Asia remains the biggest consumer of oil in the world, and the U.S. has taken advantage of that, although certain challenges await them such as finding a solution to Asian refineries that process heavier crude blends.
Exporters should also consider the quality of an above-ground storage tank for crude oil shipments since they would likely have to be reconfigured for Asian refineries.
U.S. exports to Asia will comprise around 1.3 million barrels per day (BPD) in June, according to industry figures. China will be the biggest oil export destination in the continent with 8.4 million BPD of annual gross imports in 2017, based on the U.S. Energy Information Administration’s (EIA) report.
Other markets consist of Japan, India and South Korea. While reconfiguring refineries to suit the processing capabilities in Asia may be easier, U.S. exports would still need to figure out how to deal with the lack of pipeline infrastructure in the country.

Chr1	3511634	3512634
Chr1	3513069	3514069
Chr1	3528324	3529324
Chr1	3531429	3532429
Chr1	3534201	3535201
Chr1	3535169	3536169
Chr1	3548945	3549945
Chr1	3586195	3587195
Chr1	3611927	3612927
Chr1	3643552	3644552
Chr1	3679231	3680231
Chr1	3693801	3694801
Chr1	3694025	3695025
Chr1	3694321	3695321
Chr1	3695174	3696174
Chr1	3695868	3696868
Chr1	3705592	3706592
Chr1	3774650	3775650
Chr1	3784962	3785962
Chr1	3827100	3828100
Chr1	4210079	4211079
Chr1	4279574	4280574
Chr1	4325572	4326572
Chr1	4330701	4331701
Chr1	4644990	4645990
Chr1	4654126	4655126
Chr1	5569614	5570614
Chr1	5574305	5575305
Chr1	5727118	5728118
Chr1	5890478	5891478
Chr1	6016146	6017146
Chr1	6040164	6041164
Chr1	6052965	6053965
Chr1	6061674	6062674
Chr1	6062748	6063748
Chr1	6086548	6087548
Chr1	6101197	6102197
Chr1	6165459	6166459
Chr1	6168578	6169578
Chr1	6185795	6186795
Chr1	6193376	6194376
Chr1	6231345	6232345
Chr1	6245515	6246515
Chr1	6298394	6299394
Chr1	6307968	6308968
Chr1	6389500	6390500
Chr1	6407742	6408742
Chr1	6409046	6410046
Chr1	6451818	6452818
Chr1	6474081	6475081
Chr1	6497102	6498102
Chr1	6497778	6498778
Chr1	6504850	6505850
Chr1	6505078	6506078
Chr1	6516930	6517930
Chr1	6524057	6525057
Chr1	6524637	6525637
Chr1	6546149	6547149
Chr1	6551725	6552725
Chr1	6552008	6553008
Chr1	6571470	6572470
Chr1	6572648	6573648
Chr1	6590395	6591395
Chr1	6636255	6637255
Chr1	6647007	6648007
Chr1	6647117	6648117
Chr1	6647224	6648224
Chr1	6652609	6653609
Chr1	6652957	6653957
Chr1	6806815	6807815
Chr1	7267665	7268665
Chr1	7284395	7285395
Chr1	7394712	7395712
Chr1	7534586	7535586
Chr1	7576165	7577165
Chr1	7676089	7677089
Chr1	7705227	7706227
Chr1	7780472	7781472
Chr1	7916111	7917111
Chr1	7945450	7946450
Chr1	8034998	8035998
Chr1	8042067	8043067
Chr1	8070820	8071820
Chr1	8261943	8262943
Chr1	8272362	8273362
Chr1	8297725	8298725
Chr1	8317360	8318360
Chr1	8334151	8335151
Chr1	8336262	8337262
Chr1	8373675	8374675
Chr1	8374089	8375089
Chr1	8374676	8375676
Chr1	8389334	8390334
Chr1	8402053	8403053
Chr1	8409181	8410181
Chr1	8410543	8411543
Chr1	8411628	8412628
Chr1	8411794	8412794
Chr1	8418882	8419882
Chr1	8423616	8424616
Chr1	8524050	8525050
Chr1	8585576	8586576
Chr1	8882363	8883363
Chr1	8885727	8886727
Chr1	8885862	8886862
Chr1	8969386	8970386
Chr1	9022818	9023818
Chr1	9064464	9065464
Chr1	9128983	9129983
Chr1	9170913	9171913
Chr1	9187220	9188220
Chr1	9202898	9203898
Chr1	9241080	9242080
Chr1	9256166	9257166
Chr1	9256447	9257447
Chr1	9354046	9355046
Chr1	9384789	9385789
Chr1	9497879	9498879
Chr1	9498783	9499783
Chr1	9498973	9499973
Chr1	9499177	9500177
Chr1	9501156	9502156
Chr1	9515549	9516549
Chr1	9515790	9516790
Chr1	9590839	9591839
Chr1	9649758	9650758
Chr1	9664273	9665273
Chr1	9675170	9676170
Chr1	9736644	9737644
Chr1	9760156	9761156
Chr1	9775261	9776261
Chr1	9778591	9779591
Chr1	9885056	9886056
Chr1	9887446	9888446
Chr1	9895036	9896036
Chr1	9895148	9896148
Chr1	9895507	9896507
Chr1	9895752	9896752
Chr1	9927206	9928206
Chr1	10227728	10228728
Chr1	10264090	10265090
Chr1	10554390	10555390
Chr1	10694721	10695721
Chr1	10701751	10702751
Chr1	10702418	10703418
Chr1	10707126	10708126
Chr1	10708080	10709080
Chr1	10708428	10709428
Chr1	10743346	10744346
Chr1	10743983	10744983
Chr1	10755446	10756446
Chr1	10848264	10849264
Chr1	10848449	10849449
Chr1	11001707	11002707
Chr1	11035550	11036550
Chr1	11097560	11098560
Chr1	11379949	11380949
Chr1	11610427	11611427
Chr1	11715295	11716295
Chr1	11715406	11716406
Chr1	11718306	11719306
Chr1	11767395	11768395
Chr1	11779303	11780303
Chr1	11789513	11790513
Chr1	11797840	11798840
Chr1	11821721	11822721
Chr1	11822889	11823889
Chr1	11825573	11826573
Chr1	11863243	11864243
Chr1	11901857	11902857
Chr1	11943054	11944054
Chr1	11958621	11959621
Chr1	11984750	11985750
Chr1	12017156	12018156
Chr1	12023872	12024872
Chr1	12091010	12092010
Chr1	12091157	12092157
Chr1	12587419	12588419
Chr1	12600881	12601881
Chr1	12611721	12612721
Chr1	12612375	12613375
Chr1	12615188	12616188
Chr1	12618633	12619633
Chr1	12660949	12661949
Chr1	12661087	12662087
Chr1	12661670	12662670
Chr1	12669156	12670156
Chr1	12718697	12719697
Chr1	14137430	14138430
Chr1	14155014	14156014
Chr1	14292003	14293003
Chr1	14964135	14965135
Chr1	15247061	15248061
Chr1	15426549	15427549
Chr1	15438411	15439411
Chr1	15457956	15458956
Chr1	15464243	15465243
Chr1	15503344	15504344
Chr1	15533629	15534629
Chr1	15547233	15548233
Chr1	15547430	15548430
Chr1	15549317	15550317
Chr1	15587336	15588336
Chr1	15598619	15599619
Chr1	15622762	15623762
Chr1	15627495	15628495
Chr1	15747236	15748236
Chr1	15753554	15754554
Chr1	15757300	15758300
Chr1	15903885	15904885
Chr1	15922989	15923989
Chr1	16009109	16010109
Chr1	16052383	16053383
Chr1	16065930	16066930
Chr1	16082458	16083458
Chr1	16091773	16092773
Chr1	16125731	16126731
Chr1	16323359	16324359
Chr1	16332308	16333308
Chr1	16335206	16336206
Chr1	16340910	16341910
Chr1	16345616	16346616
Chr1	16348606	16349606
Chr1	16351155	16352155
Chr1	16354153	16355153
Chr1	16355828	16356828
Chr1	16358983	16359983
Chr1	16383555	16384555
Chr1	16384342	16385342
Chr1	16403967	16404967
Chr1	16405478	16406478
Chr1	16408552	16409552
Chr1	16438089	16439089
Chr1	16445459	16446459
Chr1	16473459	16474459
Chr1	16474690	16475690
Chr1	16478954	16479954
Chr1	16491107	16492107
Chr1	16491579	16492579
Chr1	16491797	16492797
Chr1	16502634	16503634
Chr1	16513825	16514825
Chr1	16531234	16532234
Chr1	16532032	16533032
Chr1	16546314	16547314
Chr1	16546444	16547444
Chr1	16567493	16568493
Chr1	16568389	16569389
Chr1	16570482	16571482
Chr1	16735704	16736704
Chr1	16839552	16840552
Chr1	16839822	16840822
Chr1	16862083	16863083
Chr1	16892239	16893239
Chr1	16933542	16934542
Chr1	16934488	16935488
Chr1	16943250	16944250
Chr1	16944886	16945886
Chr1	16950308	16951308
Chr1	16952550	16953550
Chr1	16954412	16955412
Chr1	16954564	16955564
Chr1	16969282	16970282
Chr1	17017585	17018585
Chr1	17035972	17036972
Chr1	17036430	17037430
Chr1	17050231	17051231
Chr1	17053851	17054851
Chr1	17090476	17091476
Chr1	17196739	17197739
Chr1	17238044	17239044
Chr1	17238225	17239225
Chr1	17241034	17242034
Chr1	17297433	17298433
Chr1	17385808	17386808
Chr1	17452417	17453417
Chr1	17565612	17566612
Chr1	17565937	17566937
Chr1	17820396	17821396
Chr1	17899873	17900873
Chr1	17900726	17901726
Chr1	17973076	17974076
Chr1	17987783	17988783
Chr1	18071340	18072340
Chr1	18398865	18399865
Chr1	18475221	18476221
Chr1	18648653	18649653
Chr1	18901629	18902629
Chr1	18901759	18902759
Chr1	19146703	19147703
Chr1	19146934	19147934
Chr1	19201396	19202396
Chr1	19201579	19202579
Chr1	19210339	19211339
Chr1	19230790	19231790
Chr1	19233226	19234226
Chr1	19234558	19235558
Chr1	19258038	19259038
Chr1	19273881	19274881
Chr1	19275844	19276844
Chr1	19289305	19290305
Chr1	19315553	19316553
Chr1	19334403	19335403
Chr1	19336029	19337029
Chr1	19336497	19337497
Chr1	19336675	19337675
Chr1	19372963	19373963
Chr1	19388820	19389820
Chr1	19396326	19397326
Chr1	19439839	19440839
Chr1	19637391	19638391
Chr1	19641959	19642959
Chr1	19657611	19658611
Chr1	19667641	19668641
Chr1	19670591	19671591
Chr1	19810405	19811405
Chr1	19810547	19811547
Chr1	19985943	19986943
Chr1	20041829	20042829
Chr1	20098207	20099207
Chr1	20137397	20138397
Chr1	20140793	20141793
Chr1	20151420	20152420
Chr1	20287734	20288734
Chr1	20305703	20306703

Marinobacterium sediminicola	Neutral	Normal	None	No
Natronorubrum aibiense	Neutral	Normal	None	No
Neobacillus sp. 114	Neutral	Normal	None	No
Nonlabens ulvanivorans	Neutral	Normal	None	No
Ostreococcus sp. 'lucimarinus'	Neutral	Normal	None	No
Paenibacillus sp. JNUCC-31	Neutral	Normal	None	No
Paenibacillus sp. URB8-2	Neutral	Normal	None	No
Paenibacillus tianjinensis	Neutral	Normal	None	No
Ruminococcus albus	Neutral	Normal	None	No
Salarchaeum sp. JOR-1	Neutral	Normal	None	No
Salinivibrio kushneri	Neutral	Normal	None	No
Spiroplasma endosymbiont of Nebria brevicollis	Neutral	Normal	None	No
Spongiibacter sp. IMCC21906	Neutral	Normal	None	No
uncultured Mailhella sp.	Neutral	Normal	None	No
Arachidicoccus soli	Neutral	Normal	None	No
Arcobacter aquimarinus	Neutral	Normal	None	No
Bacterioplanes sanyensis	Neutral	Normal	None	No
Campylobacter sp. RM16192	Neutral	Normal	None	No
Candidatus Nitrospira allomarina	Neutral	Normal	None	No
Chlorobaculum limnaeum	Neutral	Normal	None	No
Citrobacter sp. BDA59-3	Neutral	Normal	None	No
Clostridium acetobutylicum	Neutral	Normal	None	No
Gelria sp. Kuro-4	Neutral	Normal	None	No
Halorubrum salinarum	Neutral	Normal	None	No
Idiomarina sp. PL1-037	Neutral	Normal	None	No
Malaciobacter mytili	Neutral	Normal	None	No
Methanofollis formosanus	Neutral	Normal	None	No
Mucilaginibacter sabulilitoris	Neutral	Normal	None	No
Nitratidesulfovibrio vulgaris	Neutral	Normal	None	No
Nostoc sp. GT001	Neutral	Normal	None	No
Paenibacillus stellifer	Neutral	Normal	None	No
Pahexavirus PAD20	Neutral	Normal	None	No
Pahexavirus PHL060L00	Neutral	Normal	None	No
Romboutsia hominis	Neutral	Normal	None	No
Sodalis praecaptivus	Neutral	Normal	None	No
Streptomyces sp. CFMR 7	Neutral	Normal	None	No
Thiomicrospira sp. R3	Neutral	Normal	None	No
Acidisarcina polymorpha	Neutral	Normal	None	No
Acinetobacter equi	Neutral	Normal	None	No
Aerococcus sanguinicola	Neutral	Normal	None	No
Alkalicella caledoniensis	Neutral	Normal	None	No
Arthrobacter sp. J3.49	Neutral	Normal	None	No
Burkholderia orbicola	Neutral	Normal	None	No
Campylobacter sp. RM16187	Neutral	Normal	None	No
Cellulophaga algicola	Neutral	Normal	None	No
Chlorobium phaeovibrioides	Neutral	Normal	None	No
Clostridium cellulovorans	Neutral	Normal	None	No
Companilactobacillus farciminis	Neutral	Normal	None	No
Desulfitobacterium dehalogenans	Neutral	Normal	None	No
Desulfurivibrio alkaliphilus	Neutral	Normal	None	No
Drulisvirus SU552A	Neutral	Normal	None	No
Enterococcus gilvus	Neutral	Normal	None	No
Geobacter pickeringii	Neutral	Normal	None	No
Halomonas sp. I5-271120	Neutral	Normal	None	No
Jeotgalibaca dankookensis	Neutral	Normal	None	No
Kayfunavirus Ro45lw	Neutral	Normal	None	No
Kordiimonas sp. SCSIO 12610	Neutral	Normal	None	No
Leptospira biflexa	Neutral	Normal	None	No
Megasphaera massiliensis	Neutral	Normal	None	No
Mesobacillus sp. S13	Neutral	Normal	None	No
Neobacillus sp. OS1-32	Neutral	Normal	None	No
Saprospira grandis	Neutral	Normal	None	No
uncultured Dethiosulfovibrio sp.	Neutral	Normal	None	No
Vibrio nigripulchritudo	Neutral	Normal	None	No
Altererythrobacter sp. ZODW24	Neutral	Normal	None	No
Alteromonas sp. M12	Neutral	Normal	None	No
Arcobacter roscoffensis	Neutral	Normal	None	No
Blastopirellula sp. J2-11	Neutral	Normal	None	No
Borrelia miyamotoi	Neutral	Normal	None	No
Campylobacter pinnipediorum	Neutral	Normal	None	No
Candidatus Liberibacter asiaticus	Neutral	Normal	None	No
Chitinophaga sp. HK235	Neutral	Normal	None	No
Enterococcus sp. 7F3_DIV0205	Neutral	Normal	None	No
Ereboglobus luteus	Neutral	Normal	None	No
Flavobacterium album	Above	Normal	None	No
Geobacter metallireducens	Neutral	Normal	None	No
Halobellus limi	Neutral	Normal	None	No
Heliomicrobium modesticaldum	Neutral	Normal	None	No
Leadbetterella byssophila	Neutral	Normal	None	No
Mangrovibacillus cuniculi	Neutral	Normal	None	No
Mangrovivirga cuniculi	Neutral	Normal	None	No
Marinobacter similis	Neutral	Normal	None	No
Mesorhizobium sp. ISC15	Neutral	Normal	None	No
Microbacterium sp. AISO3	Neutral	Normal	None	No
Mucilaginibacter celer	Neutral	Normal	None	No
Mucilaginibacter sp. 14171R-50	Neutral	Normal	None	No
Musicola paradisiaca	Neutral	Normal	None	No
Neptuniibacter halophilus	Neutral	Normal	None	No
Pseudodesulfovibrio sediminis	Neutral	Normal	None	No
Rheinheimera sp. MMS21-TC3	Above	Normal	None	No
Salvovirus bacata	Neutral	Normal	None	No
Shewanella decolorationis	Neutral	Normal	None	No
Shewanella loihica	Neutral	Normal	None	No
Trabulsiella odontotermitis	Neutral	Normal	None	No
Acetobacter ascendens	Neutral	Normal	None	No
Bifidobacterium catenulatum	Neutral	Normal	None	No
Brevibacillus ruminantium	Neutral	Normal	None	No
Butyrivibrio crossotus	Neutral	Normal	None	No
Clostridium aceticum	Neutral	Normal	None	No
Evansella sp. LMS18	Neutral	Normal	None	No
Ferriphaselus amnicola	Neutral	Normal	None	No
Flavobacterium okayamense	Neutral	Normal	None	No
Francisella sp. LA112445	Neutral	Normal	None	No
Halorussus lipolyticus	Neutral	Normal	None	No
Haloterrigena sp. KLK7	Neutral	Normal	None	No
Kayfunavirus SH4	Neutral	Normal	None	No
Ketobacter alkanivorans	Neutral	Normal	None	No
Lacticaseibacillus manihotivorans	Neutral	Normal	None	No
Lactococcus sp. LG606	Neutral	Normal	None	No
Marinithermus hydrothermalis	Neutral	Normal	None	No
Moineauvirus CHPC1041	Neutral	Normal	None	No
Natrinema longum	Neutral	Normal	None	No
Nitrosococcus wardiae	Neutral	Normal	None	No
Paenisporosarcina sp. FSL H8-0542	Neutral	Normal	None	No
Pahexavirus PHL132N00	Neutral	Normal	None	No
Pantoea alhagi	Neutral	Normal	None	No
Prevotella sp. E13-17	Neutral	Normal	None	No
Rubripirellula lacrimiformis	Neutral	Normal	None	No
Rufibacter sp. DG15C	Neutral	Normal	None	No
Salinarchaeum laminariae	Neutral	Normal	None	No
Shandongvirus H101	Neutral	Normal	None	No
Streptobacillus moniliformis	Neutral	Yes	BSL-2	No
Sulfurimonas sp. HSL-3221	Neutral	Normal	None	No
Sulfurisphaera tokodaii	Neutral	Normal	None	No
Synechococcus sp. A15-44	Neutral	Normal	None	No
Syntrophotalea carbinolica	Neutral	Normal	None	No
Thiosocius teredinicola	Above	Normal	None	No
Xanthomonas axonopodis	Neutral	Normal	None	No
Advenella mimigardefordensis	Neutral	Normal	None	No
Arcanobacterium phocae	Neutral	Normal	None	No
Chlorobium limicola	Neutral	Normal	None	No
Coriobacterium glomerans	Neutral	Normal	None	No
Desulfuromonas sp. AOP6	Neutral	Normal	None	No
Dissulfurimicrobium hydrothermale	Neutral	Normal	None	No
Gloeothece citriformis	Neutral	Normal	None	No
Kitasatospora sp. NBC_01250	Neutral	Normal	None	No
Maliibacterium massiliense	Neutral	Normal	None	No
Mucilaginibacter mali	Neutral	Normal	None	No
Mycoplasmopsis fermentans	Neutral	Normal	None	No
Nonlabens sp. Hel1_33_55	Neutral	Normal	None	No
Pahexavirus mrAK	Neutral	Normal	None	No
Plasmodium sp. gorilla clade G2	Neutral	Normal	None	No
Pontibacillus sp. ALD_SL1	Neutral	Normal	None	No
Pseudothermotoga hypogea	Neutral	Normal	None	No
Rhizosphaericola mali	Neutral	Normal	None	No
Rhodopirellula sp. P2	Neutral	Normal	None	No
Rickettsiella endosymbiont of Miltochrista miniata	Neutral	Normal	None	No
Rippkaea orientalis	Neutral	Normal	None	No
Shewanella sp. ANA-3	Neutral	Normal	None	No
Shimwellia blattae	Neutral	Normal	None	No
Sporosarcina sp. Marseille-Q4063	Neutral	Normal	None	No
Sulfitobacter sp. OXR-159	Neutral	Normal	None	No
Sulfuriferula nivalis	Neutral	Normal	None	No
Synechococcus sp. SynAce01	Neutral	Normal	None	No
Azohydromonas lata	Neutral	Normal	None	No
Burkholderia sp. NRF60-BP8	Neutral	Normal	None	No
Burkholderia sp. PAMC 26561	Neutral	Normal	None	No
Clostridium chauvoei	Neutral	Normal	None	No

An efficient logistics network remains important, whether the U.S. imports or exports oil.
Crude oil imports are just as important as exports, despite some claims that keeping oil in the country and withdrawing from the export market would likely reduce prices. A simple explanation for this involves the need for oil refinement into another commodity since almost nobody consumes it directly.
It’s also impractical to store oil in the country, especially during periods of high production. The glut in supply causes energy companies to look for other viable export markets, instead of letting the product go to waste.
The rewards of exporting to the Asian market can be rewarding for U.S. energy companies, but it won’t be an easy venture for some exporters. Some energy firms would need to invest in new storage solutions to make sure their product is compatible with Asian refineries.